A Cocker Spaniel is so intelligent that it has mastered the xylophone and complex brain-training games – even learning a few tricks so quickly that its owner has to film them in slow motion to understand how it does it.
Impressive footage shows Emily Anderson’s pet dog Leo stacking a tower of rings using only his mouth in 10 seconds before completing a maze by pushing a bead with his nose.
Dog trainer Emily, 30, then says “music”, prompting the two-year-old to pick up a mini mallet and slide it over a toy xylophone on the same table.
Leo also knows how to inflate the puddings using a combination of his mouth and nose before stacking them on top of each other in order.
Emily, from Aberdeen, said: “Every day he totally amazes me. He’s a real dog in a million, I’ll never have another Leo.
“The things he does constantly surprise me because I don’t think they’re possible and he masters them in 20 minutes.
“I’ve been training him since I brought him home at eight weeks. I already had his half-sister Phoebe, so I met him when he was three days old.
“Most of the toys he has are children’s toys. I’m always looking for something new for him to learn. Baby toys work well for him.
“With the bead maze, I had spotted it in a doctor’s reception and thought ‘Leo could do that with his nose’.
“One day I was looking for a gift for my friend’s child, then I came across the activity table in an Argos catalog.
“I thought the sticks were solid, but it turned out they were wobbling, so I didn’t think he would manage to do it. Lo and behold, he had it under control in 20 minutes.
“I had to film him in slow motion to understand how he did it. He holds the object in his lower jaw and then maneuvers it with his tongue.”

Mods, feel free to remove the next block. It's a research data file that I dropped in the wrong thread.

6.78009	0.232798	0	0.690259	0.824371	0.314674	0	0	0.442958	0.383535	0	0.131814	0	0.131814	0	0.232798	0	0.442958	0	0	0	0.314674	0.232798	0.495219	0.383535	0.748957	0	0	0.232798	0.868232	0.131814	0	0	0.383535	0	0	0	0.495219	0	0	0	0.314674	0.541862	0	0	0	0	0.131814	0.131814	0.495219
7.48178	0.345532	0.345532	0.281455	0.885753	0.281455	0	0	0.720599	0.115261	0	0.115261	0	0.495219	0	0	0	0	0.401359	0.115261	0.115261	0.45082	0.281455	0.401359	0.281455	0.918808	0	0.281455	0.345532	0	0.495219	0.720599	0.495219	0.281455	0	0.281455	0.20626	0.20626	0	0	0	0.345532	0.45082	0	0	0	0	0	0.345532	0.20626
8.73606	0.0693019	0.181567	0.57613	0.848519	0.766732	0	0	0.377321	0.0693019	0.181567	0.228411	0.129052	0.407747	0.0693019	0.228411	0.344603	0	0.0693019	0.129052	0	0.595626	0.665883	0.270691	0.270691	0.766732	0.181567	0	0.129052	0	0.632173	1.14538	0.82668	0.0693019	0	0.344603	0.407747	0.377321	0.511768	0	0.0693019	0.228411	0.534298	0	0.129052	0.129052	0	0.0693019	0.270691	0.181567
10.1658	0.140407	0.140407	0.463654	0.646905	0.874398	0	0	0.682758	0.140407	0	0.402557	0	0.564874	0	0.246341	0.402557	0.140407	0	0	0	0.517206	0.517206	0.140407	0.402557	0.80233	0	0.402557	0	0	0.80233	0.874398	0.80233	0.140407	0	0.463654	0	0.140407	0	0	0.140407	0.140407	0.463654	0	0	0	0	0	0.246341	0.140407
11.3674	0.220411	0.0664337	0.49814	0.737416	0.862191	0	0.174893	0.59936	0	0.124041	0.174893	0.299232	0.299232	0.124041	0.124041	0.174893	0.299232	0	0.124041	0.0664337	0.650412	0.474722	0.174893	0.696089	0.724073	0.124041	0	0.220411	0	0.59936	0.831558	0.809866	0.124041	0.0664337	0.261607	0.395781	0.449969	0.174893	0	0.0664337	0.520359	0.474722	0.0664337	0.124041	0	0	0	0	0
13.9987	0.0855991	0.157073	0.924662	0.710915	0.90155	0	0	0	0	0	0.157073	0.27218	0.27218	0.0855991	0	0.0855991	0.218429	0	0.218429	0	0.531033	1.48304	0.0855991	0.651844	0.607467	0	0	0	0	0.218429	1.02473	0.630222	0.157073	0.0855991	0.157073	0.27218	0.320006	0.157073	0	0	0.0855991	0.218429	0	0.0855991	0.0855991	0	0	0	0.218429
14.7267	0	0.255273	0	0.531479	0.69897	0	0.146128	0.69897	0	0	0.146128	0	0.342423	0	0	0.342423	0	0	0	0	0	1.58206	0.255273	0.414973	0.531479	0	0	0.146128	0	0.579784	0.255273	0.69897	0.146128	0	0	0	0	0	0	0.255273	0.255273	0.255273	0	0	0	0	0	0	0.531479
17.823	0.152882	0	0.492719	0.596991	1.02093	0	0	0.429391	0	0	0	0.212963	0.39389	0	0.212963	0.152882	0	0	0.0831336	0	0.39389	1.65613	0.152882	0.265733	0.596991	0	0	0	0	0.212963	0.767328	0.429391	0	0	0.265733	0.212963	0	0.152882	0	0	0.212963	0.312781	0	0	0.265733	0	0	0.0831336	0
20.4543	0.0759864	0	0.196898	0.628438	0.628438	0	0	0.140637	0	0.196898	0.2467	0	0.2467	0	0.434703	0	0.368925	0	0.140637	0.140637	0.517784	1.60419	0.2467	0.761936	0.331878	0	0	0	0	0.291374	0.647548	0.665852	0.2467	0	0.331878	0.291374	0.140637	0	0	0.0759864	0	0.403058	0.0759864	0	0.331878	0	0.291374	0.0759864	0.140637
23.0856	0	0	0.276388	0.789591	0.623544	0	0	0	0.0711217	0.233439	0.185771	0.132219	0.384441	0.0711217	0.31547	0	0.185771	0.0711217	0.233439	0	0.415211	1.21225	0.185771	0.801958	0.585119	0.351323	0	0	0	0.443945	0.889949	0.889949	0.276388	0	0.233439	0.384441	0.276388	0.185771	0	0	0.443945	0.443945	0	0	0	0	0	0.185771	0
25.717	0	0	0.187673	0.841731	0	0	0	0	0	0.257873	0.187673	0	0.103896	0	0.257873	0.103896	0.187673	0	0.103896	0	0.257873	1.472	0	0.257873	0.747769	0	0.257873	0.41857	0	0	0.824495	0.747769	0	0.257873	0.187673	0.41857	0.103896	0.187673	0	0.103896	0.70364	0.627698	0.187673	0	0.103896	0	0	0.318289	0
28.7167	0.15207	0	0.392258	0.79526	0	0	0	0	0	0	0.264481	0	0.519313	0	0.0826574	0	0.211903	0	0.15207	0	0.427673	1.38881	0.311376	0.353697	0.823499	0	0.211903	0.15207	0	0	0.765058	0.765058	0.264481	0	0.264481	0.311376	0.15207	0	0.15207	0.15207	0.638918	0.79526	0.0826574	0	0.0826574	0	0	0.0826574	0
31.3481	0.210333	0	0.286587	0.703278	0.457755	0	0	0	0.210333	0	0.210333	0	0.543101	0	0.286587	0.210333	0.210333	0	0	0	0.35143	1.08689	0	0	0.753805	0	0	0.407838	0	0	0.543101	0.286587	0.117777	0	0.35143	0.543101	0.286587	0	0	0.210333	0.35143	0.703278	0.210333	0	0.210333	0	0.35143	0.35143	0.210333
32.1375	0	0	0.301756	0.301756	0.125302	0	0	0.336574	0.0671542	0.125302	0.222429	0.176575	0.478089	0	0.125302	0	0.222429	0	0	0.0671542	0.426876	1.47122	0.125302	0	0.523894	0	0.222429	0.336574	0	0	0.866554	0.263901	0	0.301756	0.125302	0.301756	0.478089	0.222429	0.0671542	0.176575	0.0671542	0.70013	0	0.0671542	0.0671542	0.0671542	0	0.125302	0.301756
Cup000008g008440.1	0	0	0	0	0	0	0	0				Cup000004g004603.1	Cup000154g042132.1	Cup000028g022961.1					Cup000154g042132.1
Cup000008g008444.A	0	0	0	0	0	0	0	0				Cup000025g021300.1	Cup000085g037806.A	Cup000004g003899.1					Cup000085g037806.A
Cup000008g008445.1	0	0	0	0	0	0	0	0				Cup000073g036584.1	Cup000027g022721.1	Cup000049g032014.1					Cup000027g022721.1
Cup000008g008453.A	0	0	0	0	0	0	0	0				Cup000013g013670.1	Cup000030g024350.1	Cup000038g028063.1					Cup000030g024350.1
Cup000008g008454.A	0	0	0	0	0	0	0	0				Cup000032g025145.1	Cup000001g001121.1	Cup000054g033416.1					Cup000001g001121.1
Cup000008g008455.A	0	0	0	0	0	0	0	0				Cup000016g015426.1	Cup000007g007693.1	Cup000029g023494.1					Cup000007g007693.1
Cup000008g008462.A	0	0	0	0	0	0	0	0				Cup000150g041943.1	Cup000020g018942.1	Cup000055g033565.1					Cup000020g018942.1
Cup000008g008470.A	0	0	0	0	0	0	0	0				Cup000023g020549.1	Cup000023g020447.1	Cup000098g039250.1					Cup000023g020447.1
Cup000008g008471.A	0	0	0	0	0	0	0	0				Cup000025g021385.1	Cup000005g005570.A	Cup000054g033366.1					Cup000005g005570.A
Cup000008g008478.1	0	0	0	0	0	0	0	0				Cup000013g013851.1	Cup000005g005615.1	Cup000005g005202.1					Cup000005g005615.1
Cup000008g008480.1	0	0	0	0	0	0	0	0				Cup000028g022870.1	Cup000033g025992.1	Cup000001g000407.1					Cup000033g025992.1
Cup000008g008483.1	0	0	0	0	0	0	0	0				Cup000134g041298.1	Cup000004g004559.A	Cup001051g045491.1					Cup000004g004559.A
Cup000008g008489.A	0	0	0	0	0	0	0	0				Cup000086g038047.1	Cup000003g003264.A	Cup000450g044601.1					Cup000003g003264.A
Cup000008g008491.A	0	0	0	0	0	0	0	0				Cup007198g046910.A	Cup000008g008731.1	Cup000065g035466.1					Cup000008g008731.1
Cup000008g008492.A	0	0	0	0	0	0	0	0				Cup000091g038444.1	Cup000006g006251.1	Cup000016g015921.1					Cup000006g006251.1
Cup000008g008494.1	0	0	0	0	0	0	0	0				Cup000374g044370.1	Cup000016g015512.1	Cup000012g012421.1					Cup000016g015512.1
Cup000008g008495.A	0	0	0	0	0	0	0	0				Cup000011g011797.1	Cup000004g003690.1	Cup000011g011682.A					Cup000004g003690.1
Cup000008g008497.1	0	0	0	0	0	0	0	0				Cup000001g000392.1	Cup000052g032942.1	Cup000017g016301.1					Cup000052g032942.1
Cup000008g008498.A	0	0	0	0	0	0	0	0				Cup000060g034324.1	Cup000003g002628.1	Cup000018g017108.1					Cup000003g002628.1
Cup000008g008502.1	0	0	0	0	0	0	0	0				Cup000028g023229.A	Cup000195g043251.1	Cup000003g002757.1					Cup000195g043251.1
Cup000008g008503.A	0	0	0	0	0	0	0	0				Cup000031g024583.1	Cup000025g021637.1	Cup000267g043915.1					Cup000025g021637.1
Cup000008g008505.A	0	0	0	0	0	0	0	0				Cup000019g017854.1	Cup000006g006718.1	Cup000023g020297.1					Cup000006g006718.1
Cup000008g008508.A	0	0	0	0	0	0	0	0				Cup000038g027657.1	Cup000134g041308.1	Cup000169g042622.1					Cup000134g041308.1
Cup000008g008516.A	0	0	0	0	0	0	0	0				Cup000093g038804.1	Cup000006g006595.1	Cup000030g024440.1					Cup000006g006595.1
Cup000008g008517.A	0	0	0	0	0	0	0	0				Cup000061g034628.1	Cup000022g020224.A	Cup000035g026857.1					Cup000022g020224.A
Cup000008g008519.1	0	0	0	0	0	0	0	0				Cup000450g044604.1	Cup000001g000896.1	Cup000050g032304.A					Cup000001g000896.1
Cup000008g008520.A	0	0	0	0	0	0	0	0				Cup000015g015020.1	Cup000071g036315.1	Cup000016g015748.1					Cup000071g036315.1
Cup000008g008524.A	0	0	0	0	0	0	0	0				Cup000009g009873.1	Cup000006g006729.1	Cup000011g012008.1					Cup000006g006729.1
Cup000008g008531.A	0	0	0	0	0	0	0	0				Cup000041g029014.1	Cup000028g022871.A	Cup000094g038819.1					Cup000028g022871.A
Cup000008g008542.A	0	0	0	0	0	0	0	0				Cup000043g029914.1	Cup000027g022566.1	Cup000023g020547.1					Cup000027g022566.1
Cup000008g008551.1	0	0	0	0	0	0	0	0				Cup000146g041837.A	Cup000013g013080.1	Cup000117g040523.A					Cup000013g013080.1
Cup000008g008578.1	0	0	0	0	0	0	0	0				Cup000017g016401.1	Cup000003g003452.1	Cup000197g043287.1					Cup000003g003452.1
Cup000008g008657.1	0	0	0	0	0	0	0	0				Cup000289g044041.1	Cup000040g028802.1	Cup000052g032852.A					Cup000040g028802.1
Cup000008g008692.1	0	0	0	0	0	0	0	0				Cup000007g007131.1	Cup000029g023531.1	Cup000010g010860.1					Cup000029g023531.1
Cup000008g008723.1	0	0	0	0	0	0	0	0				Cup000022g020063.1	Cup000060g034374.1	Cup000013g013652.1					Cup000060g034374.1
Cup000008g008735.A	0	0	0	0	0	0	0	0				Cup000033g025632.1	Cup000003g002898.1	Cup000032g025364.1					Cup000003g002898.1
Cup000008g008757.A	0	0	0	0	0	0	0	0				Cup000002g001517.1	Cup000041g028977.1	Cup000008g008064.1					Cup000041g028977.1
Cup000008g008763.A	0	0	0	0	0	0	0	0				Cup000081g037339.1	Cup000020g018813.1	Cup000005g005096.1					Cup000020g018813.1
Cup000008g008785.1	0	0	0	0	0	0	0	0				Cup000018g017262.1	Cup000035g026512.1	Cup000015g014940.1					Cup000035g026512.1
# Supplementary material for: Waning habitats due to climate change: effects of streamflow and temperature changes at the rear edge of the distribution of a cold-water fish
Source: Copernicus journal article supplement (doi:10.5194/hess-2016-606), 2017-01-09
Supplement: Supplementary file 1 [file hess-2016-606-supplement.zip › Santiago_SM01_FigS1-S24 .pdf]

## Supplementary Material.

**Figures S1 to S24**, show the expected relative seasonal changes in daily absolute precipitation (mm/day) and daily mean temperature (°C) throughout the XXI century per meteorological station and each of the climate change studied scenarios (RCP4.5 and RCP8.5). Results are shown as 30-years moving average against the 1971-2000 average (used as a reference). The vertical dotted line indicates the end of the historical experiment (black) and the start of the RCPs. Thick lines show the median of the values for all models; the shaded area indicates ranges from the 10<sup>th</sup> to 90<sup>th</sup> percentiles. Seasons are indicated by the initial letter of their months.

Emily stepped up training Leo after he nearly died in March 2020 when he contracted a parasite called giardia.
Emily said: “I thought he was sleeping right under my desk one afternoon at work, but when he came for me to leave he just didn’t get up.
“Leo was in shock so I rushed him to the emergency vet. They initially thought it was Lyme disease but a few days later he came back as giardia.
“It shouldn’t make the dogs so sick, but Leo took it the wrong way and it shocked him. It was a horrible few days.
“Unbelievably, he recovered physically after just a few days, but it really affected him mentally and made him very anxious.
“We started to get back to normal and then we went into lockdown. So out of nowhere, we were home all the time and he was really, really sad.
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“He wasn’t like the happy dog he used to be anymore and I knew I had to do something to help him out of his crisis.
“I knew he had always enjoyed his training so I decided to focus on that a bit more with him and that’s how the stuff started.
“The first thing we did was roll up a blanket and then stack the rings and it just snowballed from there.”
Emily teaches Leo a new trick every week and methodically builds them up by making them a little more difficult.
Emily said: “To stack the rings, I started by teaching her to hold things in her mouth and then put them in a laundry basket.
“Gradually his target got smaller and eventually I had him drop the rings onto the pile while I held it. It took about a month in total from start to finish.
“Some of them use similar skills but use them on different objects. Leo is incredibly happy when he practices.
“He will fall asleep watching TV afterwards but ends up waking up from wagging his tail.
“Phoebe will do tricks for treats but she doesn’t like brain games as much, she prefers to sneak through targets.”